Thursday, May 23, 2013
Julie Pace / The Associated Press
WASHINGTON — Days after the mass shootings in Colorado, guns shifted to the forefront of the presidential campaign as President Barack Obama and Republican candidate Mitt Romney engaged in their most extensive discussions on the issue since the tragedy.
Obama, in a speech to an African-American group Wednesday in New Orleans, embraced some degree of additional restrictions on guns. He acknowledged that not enough had been done to prevent weapons from getting into the hands of criminals and pledged to work with lawmakers from both parties to move forward on the matter.
Romney said in a television interview that changing the nation's laws would not prevent gun-related tragedies. But he mistakenly said many weapons used by the shooting suspect in Aurora, Colo., were obtained illegally, despite the fact that authorities allege that the firearms used to kill 12 people and injure dozens more were purchased legally.
Neither candidate strayed significantly in their remarks Wednesday from their previously held positions on gun violence. But their pointed comments revived a debate — if perhaps only briefly — that has steadily faded to the background in national politics and been virtually non-existent in the 2012 campaign.
The White House in particular has faced fresh questions since the shootings about whether Obama, a strong supporter of gun control as a senator from Illinois, would make an election-year push for stricter measures.
Following last year's killing of six people and the wounding of Rep. Gabrielle Giffords in Arizona, Obama called for steps to "keep those irresponsible, law-breaking few from getting their hands on a gun in the first place." But he has advanced no legislative proposals since then.
The White House blames the lack of legislation in part on congressional opposition and says Obama has used his executive powers to strengthen some gun control measures.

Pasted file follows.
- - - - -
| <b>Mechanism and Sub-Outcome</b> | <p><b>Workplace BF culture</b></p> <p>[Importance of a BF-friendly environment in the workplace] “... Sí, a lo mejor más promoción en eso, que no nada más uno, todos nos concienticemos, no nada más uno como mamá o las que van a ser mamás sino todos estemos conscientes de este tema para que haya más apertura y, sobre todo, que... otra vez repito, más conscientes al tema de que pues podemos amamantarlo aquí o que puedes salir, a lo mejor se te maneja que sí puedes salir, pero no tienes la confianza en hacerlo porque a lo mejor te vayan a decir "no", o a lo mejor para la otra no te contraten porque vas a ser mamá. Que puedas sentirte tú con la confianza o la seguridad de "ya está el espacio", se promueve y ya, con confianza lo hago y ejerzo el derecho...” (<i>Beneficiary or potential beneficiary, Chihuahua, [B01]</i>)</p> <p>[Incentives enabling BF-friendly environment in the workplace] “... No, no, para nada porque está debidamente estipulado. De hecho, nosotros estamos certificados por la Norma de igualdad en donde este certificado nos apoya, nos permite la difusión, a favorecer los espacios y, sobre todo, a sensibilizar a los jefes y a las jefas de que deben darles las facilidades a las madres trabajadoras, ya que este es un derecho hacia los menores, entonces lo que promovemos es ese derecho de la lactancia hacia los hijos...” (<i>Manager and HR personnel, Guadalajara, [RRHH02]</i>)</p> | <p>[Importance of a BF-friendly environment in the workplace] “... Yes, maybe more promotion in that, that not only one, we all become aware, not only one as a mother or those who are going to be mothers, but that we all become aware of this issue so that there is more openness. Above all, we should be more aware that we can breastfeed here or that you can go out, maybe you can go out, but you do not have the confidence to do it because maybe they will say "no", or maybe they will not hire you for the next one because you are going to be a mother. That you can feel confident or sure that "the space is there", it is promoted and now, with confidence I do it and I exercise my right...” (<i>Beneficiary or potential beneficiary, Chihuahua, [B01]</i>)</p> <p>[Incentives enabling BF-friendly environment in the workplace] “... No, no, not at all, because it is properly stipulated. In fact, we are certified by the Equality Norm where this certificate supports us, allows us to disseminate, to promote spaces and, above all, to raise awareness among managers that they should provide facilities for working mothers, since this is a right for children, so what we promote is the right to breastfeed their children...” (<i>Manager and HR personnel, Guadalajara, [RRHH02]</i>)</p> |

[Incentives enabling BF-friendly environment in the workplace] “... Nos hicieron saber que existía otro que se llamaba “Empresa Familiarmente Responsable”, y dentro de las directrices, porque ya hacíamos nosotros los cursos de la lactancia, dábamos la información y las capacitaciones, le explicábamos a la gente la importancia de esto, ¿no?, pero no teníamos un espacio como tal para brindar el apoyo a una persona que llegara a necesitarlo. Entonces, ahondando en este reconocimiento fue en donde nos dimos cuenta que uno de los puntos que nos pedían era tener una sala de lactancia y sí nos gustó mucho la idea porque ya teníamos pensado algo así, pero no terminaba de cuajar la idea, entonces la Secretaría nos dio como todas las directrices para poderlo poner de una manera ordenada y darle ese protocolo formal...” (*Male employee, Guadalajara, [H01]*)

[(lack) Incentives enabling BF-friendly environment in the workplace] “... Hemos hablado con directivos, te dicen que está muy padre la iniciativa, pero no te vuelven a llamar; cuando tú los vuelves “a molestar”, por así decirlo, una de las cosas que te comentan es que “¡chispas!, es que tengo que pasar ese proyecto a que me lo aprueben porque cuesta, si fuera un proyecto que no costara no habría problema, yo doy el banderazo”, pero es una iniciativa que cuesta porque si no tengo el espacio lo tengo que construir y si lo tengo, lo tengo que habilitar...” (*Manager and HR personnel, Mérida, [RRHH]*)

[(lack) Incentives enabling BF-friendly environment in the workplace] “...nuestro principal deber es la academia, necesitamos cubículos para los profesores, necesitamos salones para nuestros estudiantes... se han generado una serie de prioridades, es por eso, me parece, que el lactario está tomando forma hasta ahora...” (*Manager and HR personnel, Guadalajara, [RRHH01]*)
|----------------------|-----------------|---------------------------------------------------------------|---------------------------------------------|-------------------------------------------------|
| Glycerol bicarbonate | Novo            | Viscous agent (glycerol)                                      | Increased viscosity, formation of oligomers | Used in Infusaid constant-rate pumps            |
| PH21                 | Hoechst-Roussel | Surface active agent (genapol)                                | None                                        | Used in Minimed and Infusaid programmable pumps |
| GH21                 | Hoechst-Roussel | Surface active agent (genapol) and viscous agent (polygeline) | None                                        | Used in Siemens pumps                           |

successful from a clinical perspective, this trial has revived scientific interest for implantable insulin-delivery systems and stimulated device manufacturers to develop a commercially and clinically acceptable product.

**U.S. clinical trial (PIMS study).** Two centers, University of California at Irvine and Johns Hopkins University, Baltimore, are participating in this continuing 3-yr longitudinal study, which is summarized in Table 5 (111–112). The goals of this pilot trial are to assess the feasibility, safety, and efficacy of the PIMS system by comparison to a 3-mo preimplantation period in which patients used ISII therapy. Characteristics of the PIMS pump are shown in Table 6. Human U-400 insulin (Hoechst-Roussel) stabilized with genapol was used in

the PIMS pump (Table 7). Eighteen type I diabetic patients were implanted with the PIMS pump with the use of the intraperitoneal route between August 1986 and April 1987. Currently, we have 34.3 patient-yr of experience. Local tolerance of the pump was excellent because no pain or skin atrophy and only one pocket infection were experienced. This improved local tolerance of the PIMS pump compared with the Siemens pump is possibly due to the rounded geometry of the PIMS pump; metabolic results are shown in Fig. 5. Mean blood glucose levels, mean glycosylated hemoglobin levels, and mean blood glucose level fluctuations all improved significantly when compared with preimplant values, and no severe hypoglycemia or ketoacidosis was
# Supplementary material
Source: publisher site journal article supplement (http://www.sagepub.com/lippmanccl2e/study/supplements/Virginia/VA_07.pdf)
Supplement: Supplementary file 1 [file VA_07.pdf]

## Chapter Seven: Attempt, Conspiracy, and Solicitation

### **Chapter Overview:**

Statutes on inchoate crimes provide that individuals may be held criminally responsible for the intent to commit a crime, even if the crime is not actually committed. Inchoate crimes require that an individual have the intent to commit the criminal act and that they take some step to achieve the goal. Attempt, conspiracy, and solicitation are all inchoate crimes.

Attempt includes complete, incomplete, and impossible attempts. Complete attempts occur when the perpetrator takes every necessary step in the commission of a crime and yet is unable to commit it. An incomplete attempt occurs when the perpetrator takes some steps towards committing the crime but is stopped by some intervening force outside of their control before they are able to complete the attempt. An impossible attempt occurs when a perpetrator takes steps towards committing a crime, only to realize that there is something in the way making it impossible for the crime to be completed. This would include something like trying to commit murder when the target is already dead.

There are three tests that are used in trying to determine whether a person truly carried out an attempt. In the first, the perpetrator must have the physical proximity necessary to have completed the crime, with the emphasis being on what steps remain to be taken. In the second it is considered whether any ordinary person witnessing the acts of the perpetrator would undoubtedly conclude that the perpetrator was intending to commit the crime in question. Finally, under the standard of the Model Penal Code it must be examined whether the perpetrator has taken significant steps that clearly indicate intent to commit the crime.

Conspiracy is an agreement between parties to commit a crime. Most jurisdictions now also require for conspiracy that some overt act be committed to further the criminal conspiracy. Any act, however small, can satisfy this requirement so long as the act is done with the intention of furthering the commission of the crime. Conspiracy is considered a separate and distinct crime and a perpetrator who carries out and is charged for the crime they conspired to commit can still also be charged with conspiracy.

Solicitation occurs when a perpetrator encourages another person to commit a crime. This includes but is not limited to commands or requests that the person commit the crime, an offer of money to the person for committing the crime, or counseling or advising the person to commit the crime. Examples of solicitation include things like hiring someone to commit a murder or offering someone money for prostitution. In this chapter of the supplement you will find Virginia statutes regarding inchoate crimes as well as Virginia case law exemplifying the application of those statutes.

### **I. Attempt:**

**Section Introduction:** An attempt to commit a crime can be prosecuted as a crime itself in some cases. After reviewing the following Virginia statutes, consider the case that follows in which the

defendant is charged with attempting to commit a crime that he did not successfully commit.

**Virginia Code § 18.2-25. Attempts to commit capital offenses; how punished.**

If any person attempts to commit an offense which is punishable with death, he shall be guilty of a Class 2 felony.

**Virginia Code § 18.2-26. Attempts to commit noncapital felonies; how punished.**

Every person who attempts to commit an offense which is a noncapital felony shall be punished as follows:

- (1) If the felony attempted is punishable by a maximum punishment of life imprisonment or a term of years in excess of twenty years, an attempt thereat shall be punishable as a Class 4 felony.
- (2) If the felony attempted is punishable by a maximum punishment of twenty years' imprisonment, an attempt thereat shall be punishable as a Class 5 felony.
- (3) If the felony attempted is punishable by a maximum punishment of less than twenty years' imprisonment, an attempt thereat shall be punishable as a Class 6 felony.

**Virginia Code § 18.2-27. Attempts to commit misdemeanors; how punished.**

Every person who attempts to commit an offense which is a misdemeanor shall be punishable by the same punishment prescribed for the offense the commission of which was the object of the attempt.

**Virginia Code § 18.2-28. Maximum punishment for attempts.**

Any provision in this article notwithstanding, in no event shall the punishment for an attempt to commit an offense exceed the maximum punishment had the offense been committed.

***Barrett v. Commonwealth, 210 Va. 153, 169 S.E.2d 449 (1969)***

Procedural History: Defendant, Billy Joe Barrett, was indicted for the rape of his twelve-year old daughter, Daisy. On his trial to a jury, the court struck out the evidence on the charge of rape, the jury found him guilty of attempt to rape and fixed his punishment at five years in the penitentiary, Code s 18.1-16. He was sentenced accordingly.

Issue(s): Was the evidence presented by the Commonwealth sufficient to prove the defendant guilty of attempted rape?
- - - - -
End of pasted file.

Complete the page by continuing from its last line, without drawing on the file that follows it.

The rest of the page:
It's been more than a decade since gun control advocates had a realistic hope of getting the type of legislation they seek, despite predictions that each shocking outburst of violence would lead to action.
During remarks Wednesday night to the National Urban League, Obama acknowledged a national pattern of calling for tougher gun restrictions in the wake of violent crimes but not following through.
"Too often, those efforts are defeated by politics and by lobbying and eventually by the pull of our collective attention elsewhere," he said.
Obama called for stepped-up background checks for people who want to purchase guns and restrictions to keep mentally imbalanced individuals from buying weapons. Those steps, he said, "shouldn't be controversial. They should be common sense."
Still, Obama is unlikely to make a robust push for new gun control legislation while mired in a deadlocked campaign centered squarely on the economy.
Romney was pressed on gun control during an interview with NBC News in London, where he is attending the Olympics and kicking off a three-country foreign trip. The presumptive Republican nominee said changing laws won't "make all bad things go away."
Romney was asked about his tenure as Massachusetts governor, when he signed a bill that banned some assault-style weapons like the type the Colorado shooter is alleged to have used. At the time, Romney described such guns as "instruments of destruction with the sole purpose of hunting down and killing people."
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